DEAR DOCTOR: My boyfriend and I were in London over the holidays, and we heard a lot about MG, a new sexually transmitted disease. Is it here in the United States too? Should I be worried?

Dear Reader: You’re referring to Mycoplasma genitalium, also known as MG or Mgen. It’s a bacterium that is transmitted through sexual contact, and as a result, can infect the reproductive tract. MG was first identified in the United Kingdom more than 30 years ago, so it’s not really new. It was found in two men being treated for non-gonococcal urethritis, which is inflammation of the urethra, the tube that carries urine away from the bladder. “Non-gonococcal” means that the infection is not caused by the gonorrhea bacteria.

The Centers for Disease Control and Prevention only officially acknowledged the disease in 2015, so it’s a fairly recent addition to the STD conversation. Although reliable statistics are not yet available, infection rates among women in the U.S. are estimated at about 1 percent. That’s slightly higher than gonorrhea and lower than the rate of infection with chlamydia, which is 3 percent. However, when looking at high-risk populations, which constitutes young people who have multiple sexual partners and those who don’t practice safe sex, some estimates of infection rates are as high as 20 percent.

Mycoplasma genitalium causes inflammation of the urethra in both men and women. Symptoms include an increased urge to urinate, as well as pain and burning, particularly during urination. Some cases are accompanied by an abnormal discharge. It’s also possible for MG to produce no symptoms at all. A recent analysis of available data found that close to 60 percent of women who tested positive for MG had no symptoms. However, due to their reproductive anatomy, women face greater risks than men from infection. Among these is developing pelvic inflammatory disease, or PID, an infection of the female reproductive organs that can cause long-term health problems and can lead to infertility. The bacterium has also been linked to adverse birth outcomes, as well as to increased susceptibility to HIV infection.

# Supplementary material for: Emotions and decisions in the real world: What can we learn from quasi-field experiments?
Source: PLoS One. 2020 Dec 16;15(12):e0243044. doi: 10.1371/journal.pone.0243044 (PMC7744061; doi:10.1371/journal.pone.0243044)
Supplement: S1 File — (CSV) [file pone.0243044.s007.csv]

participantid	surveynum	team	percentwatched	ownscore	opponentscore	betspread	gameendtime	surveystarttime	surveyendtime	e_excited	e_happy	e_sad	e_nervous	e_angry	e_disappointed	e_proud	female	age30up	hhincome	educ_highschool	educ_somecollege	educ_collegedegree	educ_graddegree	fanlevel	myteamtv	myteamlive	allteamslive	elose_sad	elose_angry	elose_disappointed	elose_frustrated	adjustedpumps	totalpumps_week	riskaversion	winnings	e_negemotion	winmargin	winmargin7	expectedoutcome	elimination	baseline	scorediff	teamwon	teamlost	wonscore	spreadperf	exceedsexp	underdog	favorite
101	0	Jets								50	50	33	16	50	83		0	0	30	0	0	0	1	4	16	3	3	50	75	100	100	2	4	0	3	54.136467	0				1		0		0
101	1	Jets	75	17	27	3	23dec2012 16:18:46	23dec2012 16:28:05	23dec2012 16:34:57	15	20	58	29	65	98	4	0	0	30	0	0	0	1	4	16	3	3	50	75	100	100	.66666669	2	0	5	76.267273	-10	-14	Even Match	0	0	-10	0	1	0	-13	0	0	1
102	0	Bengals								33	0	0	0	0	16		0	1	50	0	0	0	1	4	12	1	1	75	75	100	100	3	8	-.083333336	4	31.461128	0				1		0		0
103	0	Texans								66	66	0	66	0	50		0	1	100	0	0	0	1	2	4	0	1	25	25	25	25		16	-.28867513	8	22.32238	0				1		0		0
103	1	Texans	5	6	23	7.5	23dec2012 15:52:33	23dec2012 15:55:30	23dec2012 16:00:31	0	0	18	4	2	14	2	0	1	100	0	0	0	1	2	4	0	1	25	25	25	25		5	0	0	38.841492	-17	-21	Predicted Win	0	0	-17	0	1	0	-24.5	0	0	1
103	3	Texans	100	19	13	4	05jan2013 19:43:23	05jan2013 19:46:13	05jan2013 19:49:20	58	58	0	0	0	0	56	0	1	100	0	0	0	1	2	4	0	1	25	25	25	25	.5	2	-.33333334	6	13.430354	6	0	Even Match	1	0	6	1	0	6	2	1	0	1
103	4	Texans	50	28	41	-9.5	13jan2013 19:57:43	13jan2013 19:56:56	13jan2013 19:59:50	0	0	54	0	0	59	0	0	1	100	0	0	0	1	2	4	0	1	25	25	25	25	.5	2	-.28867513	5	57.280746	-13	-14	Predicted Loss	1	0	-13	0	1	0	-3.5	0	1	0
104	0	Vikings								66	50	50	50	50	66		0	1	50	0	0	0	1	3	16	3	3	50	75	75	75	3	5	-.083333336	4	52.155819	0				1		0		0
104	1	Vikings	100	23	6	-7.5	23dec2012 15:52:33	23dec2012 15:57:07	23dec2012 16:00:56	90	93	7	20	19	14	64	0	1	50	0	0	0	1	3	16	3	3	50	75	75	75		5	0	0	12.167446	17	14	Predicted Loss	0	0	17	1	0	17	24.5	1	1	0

Mycoplasma genitalium is challenging to diagnose. It lacks a cell wall, so it’s not suitable for a gram stain, the most common technique for differentiating and identifying bacteria. It’s so slow-growing that a culture takes six months to develop. Instead, nucleic acid amplification testing, or NAAT, which identifies the pathogen via its genetic material, is now being used. The test is typically done on urine in men and via cervical swabs in women. As with all bacterial infections, treatment is with antibiotics. And as with a growing number of bacterial pathogens, MG is developing antibiotic resistance.

As to whether people should be worried, if they have multiple partners and don’t practice safe sex, the answer is yes. We’re not referring only to MG infections when we say that. The number of new cases of sexually transmitted diseases, including chlamydia, gonorrhea and syphilis, reached an all-time high in 2017. That’s part of a steep and sustained increase that has alarmed health care professionals. So, please, always practice safe sex. Anyone with any symptoms of a sexually transmitted disease should seek medical care immediately.

Eve Glazier, M.D., MBA, is an internist and associate professor of medicine at UCLA Health. Elizabeth Ko, M.D., is an internist and assistant professor of medicine at UCLA Health.

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